In August 2007, Agilewaves, one of the technology leaders in building dashboards (and a 2008 BuildingGreen Top-10 product award winner), installed one of its systems in a new spec house in Palo Alto, California. Agilewaves cofounder and CEO Peter Sharer told EBN that the energy monitoring system was a big factor in the home’s quick sale—it sold in three days for more than the asking price. The owner has been tracking his energy use intently and challenging himself to use less and less energy.
Lucid Design Group, which was one of the first companies out of the gates with a user-friendly interface displaying building energy consumption (see EBN), got its start at Oberlin College when several of the company founders were still students. The students, inspired to save energy by their professors, organized an energy-saving competition among several dormitories at the college and created a user interface to display the real-time and cumulative energy consumption on computer monitors. Lucid, like Agilewaves, is fundamentally a software company, focused on the display of information. “The key for us is having a consumer interface that’s intuitive and user-friendly,” Murray told EBN.
Since that start, Lucid Design Group co-founder and president Michael Murray has branched out to office buildings, including a system at Yahoo’s Sunnyvale, California office park, where five buildings are being monitored by a Lucid system. At the same time, Lucid continues to focus on colleges and universities, with the company having installed nearly 25 such systems in the past four years, some of which also track water use. Inter-dorm competitions remain popular, and dormitories routinely see a 10% to 15% reduction in energy use during these 4- to 12-week competitions, says Murray. The company plans to study whether, and to what extent, savings continue.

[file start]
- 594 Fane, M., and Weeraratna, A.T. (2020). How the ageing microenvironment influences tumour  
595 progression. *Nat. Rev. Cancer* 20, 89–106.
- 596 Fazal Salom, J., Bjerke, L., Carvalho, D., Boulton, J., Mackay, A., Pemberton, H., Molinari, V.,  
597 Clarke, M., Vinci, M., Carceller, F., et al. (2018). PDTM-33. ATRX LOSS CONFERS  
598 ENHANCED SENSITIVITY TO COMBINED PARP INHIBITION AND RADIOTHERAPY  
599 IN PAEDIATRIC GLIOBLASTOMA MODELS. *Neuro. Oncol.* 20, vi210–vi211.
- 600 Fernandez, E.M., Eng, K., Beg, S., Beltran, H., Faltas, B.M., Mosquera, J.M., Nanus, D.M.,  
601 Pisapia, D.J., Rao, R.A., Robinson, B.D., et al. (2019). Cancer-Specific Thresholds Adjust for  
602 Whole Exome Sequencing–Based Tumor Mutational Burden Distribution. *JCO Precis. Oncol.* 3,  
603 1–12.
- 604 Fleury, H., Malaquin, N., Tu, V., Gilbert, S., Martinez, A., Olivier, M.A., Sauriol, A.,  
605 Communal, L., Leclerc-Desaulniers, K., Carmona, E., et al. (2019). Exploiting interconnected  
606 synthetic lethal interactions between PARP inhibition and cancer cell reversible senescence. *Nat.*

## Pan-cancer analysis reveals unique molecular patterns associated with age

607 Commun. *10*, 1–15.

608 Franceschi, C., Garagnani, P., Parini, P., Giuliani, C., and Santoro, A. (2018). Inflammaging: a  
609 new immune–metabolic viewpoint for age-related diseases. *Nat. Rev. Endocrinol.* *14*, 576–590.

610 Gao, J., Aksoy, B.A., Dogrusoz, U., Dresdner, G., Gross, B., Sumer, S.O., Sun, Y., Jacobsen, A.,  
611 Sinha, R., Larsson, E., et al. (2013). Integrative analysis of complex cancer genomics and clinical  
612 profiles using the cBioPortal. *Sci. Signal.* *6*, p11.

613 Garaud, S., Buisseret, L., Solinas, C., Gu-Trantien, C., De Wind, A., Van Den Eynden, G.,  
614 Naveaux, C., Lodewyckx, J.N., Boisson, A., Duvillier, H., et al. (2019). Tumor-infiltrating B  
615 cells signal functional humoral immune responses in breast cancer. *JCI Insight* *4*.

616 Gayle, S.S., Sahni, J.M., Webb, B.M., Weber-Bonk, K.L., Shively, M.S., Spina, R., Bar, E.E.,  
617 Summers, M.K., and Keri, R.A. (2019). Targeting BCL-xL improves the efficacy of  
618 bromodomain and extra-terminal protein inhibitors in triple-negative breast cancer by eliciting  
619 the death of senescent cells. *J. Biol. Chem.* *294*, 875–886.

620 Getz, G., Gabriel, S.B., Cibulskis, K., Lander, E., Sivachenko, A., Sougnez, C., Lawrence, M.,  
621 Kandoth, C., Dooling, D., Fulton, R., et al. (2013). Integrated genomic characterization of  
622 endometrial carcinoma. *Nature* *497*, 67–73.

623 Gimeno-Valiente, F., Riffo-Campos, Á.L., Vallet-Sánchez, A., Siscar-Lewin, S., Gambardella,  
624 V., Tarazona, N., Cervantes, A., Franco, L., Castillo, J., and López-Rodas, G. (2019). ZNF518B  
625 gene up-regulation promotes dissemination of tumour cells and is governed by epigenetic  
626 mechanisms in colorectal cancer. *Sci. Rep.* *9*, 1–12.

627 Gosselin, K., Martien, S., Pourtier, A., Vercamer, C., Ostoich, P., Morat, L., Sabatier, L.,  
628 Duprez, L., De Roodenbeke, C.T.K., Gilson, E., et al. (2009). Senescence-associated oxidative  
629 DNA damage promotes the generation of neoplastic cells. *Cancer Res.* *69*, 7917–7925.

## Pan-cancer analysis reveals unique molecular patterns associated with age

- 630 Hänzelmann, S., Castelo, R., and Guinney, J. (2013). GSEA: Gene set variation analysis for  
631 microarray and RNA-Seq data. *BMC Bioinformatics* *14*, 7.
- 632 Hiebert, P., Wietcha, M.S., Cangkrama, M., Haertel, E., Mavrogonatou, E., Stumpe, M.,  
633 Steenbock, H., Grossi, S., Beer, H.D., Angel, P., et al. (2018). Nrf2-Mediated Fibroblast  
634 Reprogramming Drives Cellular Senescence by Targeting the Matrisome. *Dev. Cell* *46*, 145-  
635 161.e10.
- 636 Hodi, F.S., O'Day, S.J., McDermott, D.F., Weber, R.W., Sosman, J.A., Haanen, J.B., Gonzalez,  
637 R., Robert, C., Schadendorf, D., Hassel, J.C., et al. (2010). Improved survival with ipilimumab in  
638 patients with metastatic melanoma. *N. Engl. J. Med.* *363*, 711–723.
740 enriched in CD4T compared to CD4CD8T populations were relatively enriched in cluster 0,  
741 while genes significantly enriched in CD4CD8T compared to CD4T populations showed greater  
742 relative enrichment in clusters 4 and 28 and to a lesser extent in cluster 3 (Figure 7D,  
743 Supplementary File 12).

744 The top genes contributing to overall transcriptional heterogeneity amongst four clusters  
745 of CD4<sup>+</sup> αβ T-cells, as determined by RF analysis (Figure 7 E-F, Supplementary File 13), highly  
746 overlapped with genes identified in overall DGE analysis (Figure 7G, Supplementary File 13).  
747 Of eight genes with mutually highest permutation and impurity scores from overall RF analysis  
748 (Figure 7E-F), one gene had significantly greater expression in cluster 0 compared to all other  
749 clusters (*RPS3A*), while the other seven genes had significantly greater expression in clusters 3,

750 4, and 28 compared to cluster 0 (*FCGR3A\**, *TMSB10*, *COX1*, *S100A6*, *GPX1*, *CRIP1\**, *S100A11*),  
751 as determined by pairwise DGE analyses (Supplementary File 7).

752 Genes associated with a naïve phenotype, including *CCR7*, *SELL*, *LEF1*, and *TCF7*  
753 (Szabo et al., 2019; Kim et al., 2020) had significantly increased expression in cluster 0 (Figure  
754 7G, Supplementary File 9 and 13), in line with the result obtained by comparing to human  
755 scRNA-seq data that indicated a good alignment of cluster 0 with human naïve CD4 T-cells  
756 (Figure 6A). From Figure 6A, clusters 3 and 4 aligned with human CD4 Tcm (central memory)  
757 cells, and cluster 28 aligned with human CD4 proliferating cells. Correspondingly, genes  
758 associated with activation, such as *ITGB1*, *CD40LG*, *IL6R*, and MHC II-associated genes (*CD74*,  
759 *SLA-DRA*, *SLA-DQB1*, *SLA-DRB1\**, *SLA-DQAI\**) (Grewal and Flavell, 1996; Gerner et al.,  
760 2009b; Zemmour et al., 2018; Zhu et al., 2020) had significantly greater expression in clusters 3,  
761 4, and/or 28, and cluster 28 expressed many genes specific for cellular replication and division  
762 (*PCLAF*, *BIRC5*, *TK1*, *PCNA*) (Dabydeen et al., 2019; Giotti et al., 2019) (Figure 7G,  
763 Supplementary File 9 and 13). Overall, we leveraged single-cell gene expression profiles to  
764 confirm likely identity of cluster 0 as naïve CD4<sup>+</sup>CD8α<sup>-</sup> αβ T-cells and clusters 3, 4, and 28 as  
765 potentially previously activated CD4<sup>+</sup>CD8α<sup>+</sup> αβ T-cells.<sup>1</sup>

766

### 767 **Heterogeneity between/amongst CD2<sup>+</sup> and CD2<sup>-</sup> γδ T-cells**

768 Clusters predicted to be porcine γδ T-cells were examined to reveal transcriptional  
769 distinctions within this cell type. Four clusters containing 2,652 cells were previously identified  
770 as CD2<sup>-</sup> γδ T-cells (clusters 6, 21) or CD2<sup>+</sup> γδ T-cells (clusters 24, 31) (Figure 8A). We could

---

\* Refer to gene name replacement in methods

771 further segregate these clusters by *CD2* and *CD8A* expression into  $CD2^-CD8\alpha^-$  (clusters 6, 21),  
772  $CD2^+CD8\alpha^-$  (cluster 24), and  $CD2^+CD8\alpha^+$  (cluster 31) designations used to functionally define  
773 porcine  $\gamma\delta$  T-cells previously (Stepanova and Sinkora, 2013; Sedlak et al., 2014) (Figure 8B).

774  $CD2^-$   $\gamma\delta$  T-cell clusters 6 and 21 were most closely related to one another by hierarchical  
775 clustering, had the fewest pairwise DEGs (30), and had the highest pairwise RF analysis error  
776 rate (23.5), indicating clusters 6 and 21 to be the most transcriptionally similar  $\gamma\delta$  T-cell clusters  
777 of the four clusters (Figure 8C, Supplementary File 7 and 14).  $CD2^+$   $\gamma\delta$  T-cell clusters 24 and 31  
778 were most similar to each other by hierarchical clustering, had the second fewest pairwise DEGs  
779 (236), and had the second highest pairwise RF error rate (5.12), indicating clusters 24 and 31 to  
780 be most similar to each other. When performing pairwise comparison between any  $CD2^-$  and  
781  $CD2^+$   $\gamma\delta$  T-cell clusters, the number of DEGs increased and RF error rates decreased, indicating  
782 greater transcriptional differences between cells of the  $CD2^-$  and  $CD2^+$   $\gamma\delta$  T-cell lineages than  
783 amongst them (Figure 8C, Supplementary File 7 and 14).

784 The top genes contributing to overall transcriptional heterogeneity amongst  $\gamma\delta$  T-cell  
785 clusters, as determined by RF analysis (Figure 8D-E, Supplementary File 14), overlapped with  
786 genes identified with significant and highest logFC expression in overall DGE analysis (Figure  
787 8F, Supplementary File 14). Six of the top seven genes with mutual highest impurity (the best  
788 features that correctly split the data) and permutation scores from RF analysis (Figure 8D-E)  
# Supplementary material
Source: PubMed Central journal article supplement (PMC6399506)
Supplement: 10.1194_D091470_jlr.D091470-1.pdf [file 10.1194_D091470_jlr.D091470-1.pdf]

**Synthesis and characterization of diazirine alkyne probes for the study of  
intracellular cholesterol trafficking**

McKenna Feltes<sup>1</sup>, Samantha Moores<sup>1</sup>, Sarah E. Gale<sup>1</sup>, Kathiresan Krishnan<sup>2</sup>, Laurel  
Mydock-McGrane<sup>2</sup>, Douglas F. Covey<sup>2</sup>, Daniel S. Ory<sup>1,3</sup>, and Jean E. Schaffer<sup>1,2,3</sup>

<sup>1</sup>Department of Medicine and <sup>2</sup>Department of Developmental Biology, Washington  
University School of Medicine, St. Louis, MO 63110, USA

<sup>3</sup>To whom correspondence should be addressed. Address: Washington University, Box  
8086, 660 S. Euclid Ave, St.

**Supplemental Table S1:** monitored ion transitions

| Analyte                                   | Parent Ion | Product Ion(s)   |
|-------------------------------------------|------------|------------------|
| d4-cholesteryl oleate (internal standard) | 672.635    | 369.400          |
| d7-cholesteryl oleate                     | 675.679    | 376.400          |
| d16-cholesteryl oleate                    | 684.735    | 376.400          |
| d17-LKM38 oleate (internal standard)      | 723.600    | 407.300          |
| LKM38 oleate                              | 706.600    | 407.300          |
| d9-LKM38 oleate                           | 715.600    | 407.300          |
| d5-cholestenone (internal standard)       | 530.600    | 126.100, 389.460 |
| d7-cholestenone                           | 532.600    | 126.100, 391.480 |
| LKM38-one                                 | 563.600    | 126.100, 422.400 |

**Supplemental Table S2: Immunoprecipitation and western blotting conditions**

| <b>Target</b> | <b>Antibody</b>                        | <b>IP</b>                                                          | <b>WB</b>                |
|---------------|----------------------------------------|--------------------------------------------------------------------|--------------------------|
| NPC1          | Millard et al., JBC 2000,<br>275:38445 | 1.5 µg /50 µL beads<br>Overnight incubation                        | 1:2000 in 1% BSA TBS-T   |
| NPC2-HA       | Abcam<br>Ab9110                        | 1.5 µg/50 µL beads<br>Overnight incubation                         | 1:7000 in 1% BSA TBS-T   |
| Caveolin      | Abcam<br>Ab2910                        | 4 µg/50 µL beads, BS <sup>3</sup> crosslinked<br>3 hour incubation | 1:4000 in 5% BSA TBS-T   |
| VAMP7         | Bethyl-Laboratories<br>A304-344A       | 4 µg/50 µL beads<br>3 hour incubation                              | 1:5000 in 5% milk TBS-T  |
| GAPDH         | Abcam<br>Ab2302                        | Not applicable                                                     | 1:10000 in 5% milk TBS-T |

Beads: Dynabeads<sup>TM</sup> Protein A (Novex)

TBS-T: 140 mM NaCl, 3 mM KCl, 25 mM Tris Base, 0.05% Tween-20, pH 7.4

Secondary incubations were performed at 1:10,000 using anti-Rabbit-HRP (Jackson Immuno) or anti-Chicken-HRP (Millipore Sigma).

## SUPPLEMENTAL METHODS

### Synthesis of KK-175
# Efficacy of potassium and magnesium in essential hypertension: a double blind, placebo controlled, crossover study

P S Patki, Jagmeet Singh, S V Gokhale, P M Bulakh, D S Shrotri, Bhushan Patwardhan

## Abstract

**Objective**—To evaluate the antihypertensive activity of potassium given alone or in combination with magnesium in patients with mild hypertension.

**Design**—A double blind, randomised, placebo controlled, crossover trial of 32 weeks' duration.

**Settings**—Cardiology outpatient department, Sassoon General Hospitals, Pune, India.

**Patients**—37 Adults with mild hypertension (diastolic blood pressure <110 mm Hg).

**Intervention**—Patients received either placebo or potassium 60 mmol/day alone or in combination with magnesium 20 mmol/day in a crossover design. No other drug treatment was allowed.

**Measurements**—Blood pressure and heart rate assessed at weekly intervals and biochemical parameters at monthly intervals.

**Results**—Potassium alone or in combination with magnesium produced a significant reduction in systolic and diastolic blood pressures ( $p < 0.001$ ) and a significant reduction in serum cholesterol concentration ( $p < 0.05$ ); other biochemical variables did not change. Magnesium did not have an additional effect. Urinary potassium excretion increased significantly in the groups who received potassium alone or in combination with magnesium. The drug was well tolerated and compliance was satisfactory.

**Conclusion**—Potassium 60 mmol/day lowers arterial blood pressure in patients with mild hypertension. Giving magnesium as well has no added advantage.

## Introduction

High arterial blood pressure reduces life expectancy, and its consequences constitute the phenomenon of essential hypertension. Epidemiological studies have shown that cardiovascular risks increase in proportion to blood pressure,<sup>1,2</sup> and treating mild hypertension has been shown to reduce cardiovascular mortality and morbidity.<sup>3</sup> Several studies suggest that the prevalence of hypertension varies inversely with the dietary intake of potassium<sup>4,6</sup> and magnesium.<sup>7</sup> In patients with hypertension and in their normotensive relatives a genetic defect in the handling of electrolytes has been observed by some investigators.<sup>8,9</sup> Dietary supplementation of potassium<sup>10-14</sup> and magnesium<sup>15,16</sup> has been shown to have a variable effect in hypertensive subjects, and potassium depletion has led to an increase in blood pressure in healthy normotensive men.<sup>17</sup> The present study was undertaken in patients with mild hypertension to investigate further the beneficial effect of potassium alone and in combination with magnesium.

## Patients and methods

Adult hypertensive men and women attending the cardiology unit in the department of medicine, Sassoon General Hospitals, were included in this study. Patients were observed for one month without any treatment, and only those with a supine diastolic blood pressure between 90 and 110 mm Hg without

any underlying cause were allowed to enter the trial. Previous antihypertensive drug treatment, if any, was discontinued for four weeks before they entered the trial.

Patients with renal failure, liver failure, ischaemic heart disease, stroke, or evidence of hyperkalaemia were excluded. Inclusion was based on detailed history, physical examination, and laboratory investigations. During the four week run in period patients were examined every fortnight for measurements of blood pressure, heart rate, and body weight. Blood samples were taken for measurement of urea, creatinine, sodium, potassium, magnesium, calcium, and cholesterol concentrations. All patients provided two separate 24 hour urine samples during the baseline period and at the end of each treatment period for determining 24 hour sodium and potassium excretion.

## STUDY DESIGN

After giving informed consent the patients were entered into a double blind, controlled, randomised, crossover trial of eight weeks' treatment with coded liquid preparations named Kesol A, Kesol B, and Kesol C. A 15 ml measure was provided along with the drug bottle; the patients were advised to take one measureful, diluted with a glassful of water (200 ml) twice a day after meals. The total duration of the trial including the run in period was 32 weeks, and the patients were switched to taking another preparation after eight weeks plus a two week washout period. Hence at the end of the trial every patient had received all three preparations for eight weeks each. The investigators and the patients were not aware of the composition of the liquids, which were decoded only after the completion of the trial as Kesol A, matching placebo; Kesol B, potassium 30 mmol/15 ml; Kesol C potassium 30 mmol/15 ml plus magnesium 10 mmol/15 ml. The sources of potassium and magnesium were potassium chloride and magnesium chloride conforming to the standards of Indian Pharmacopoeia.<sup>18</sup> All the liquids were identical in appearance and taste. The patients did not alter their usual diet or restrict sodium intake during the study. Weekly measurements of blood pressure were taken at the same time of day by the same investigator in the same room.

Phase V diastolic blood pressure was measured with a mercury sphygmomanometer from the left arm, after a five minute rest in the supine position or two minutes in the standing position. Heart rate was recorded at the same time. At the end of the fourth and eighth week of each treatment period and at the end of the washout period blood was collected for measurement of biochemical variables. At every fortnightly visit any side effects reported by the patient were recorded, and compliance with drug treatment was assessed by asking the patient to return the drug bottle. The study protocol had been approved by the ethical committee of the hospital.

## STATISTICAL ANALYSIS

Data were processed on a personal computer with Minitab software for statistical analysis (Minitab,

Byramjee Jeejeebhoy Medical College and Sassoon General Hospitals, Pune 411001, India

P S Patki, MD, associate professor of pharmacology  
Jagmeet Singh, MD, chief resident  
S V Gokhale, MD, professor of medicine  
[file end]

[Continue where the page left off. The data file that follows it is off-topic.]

A company with preliminary data on sustained energy savings is Quality Attributes Software, makers of the Green Touchscreen (see below). The company installed touchscreen kiosks at the Gaia Napa Valley Hotel & Spa in San Francisco, a LEED Gold certified building. According to Craig Engelbrecht, chief marketing officer for Quality Attributes Software, the hotel saw a 26% drop in energy costs and a 45% drop in water costs after installing the kiosk. Engelbrecht acknowledged that the company hadn’t been able to track the source of such dramatic savings, but he noted that all guests at the hotel are oriented to the Green Touchscreen on checking in. Guests can also view real-time metrics for the hotel through a channel on the televisions in their rooms, although room-specific data is not available.